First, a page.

• Bolton le Sands level crossing
  • Leasowe Crossing 2 2
  • Level Crossing
  • Level Crossing 1
  • Level Crossing 2
  • Level Crossing 2
  • Level crossing control panel and man
Bolton le Sands level crossing Leasowe Crossing 2 2 Level Crossing Level Crossing 1 Level Crossing 2 Level Crossing 2 Level crossing control panel and man

Level crossing risk management

Level crossings provide a means for vehicles, pedestrians and animals to cross over railway lines. They exist in countries all over the world and in many different forms.There are around 7,000 level crossings in active use on Network Rail managed infrastructure; of these approximately 1,500 are on public vehicular roads and the remainder are where public footpaths, bridleways and private roads/tracks cross the railway.

The Road-Rail Interface Safety Group (R-RISG), which is facilitated by RSSB and chaired by Network Rail steers the work of the rail industry in increasing awareness of the hazards and risk at level crossings, bridge strikes and other incursions by motor vehicles onto the railway. It also examines public policy and makes recommendations to simplify and consolidate regulatory matters covering safety at level crossings, including road traffic and highway matters, planning guidelines for development and the effective prosecution of offenders in the interest of public safety.

Level crossing risk management

Over 90% of incidents in the previous five years on level crossings has been a result of user misuse in the form of error or abuse - the remainder being due to other causes such as equipment failure, reduced visibility or railway operator error.

Typical examples of user error include incorrect knowledge of operation, misjudging the time it takes the train to reach the crossing or making incorrect assumptions regarding who has priority of use, direction of travel or the presence of second train approaching usually from the opposite direction.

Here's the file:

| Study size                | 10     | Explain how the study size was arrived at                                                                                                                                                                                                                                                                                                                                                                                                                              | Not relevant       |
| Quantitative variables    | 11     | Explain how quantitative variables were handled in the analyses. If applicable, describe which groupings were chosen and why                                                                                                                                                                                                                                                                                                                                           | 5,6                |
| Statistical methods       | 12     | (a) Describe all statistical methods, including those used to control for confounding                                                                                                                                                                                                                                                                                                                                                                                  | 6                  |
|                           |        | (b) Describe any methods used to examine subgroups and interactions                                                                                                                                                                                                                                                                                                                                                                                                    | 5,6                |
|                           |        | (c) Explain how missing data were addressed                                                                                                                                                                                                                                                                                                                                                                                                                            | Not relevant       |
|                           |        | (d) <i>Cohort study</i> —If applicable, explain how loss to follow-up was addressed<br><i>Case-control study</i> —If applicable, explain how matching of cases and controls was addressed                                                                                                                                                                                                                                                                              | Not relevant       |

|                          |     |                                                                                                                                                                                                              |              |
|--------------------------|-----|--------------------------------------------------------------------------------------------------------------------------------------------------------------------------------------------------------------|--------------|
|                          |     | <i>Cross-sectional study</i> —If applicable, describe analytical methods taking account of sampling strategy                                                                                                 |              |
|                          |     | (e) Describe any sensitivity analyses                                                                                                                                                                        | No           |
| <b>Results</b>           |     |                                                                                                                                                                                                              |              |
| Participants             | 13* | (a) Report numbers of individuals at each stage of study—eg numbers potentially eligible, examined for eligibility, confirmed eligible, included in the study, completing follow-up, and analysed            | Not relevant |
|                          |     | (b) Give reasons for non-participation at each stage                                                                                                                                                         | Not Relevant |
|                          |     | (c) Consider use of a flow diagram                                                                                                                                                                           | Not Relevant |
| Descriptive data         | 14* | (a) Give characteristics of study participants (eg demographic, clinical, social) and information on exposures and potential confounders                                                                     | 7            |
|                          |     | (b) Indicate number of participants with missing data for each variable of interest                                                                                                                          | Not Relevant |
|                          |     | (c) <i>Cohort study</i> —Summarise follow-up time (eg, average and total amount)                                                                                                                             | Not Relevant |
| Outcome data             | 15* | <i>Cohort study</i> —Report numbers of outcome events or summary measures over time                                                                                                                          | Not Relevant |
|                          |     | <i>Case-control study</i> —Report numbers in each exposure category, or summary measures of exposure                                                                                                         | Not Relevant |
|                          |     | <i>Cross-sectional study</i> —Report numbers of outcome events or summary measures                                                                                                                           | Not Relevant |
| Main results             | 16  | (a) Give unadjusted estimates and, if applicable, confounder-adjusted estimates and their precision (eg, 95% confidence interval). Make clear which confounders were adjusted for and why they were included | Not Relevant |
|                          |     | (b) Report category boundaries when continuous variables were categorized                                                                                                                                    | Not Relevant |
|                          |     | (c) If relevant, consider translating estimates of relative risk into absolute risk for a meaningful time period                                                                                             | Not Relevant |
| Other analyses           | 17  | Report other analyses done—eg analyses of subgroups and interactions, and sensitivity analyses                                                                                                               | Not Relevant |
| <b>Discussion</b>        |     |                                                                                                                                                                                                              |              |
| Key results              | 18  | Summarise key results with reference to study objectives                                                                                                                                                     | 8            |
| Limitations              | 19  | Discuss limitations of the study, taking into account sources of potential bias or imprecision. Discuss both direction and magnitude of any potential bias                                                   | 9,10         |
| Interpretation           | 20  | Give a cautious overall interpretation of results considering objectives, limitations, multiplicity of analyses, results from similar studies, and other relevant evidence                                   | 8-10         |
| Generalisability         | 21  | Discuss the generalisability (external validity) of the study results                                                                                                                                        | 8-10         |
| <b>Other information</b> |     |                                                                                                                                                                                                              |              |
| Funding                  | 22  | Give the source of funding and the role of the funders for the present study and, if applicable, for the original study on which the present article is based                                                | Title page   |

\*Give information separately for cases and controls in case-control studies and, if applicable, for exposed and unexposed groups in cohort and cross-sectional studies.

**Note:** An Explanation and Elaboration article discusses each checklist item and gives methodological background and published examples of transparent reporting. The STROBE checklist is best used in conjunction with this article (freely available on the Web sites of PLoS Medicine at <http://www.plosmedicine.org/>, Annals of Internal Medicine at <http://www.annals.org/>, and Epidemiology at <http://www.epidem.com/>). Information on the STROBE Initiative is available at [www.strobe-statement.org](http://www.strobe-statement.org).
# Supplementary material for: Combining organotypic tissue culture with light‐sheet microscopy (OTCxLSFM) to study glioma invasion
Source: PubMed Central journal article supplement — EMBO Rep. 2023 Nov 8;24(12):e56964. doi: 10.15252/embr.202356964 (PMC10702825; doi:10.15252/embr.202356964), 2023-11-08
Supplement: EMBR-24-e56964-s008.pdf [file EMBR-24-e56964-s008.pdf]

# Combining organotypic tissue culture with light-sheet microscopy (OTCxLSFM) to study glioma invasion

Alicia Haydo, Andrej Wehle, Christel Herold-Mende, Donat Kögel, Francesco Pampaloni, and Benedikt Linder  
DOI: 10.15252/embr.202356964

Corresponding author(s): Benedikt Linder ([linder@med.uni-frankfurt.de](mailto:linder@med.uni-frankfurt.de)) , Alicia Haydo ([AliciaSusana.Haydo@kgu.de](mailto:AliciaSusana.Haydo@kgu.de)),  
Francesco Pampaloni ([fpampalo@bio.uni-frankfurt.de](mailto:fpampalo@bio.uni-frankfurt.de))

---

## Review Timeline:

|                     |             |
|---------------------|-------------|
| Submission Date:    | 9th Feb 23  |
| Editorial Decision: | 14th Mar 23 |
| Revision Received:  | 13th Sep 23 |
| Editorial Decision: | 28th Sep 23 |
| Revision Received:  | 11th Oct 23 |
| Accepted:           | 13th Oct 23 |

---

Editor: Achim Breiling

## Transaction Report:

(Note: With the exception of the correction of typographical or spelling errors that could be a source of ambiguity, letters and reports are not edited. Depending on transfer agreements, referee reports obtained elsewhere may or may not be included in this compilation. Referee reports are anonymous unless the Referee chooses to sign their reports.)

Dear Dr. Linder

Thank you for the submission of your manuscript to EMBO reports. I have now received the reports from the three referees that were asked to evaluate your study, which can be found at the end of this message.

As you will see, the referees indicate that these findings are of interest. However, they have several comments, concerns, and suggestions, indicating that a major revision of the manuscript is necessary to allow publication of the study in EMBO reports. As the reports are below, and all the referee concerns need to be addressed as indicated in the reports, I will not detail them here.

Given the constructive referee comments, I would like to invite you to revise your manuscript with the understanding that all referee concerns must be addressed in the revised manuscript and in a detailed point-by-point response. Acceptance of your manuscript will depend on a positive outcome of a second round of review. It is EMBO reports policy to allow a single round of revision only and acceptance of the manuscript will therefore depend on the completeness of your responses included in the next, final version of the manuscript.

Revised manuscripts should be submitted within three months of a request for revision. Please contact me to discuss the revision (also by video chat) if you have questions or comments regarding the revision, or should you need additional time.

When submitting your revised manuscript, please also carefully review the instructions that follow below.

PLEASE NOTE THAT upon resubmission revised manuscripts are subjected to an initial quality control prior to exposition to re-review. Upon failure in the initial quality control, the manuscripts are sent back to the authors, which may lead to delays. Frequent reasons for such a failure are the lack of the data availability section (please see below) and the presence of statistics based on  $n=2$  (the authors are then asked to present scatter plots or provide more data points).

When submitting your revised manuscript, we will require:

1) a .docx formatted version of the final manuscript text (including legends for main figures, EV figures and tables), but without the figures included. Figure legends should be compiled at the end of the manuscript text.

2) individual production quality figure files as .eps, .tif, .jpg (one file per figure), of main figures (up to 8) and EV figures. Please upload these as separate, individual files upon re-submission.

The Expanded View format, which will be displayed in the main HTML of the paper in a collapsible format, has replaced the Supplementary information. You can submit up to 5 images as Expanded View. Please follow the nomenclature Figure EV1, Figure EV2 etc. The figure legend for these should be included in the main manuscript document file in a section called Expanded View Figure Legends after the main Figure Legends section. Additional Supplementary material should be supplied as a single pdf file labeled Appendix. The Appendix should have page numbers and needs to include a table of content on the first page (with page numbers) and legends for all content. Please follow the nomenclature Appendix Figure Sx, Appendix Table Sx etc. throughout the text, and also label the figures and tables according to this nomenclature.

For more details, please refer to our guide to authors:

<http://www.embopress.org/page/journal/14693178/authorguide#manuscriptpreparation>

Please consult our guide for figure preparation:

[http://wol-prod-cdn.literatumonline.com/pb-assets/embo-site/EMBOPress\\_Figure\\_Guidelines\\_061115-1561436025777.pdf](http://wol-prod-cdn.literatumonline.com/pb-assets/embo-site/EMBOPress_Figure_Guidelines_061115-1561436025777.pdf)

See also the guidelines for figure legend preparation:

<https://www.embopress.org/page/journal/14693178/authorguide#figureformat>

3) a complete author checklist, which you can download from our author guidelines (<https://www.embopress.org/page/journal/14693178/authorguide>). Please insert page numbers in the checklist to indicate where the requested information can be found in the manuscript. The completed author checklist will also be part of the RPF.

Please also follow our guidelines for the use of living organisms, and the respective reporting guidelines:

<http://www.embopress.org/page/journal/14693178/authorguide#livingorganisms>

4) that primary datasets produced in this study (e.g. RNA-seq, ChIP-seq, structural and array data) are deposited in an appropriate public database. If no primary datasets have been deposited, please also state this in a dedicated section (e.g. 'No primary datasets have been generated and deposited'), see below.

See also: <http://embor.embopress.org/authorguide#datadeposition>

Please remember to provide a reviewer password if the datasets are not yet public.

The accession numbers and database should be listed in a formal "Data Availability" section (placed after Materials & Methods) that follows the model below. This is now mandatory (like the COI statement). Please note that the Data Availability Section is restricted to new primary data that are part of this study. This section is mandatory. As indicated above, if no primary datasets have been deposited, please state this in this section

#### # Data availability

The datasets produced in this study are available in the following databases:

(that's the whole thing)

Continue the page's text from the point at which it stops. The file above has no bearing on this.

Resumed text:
Typical examples of user abuse include users driving around half-barriers, users crossing when the crossing lights are red, users not requesting the signaller’s authority to cross (where required) and leaving gates open after use.

Level crossing risk management

RSSB in partnership with Network Rail have developed the All Level Crossing Risk Model (ALCRM), which is responsible for managing level crossings on UK rail infrastructure.

The ALCRM is a web-based risk tool used by Network Rail, to support it in managing the risk to crossing users, passengers and rail staff by assessing the risks at each crossing and targeting those crossings with the highest risk for remedial measures.

  • Key Outputs 

    The ALCRM is being used by Network Rail to assess the risk at their crossings and is a key part of its level crossing strategy.

    The ‘Enhanced Specification’ has been used to facilitate a technical audit by the Office of Rail Regulation, and is regularly updated to reflect minor changes made to the model.

    The ALCRM brings three distinct advantages to the rail industry:

  • Lincoln Level Crossings 

    Lincoln city centre is divided by two level crossings. They are there to protect safety and most people use the crossings properly but often people are seen running around lowering barriers or even climbing over them. This is incredibly dangerous and the misuse at these crossings needed to be urgently addressed.

    The Lincoln level crossings are already the highest-safety design available and it is impossible to close them without the proposed east-west road link. Therefore, Network Rail has developed designs for two new footbridges which will:

  • Kirknewton Level Crossing 

    Kirknewton level crossing in West Lothian, Scotland is to be closed while Network Rail carry out a major upgrade to the site, consisting of installing a new double barrier system.

    The new system will be CCTV monitored and will utilise object detection technology to reduce the risk of a collision should vehicles or pedestrians attempt to cross at danger.

    The new level crossing will greatly enhance safety at Kirknewton and discourage abuse of the crossing.